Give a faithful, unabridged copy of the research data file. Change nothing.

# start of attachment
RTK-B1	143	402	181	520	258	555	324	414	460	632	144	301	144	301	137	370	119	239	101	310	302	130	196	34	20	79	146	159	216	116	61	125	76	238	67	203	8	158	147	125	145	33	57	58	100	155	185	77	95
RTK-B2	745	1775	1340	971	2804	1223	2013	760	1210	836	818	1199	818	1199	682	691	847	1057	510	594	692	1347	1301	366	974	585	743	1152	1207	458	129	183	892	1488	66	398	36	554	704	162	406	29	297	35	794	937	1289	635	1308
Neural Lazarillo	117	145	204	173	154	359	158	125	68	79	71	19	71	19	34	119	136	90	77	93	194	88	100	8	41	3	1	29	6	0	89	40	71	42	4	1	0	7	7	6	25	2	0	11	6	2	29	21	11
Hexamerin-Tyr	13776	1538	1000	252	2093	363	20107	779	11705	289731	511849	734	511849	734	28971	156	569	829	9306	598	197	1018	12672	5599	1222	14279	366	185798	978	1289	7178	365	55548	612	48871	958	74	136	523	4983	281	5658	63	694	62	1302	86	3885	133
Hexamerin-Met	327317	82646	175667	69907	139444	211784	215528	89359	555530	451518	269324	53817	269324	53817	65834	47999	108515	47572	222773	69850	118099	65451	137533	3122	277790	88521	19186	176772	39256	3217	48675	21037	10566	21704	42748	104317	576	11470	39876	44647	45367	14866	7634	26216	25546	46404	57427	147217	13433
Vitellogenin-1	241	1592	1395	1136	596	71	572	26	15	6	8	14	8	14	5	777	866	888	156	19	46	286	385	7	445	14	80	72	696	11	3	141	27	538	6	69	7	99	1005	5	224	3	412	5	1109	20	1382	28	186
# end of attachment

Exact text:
RTK-B1	143	402	181	520	258	555	324	414	460	632	144	301	144	301	137	370	119	239	101	310	302	130	196	34	20	79	146	159	216	116	61	125	76	238	67	203	8	158	147	125	145	33	57	58	100	155	185	77	95
RTK-B2	745	1775	1340	971	2804	1223	2013	760	1210	836	818	1199	818	1199	682	691	847	1057	510	594	692	1347	1301	366	974	585	743	1152	1207	458	129	183	892	1488	66	398	36	554	704	162	406	29	297	35	794	937	1289	635	1308
Neural Lazarillo	117	145	204	173	154	359	158	125	68	79	71	19	71	19	34	119	136	90	77	93	194	88	100	8	41	3	1	29	6	0	89	40	71	42	4	1	0	7	7	6	25	2	0	11	6	2	29	21	11
Hexamerin-Tyr	13776	1538	1000	252	2093	363	20107	779	11705	289731	511849	734	511849	734	28971	156	569	829	9306	598	197	1018	12672	5599	1222	14279	366	185798	978	1289	7178	365	55548	612	48871	958	74	136	523	4983	281	5658	63	694	62	1302	86	3885	133
Hexamerin-Met	327317	82646	175667	69907	139444	211784	215528	89359	555530	451518	269324	53817	269324	53817	65834	47999	108515	47572	222773	69850	118099	65451	137533	3122	277790	88521	19186	176772	39256	3217	48675	21037	10566	21704	42748	104317	576	11470	39876	44647	45367	14866	7634	26216	25546	46404	57427	147217	13433
Vitellogenin-1	241	1592	1395	1136	596	71	572	26	15	6	8	14	8	14	5	777	866	888	156	19	46	286	385	7	445	14	80	72	696	11	3	141	27	538	6	69	7	99	1005	5	224	3	412	5	1109	20	1382	28	186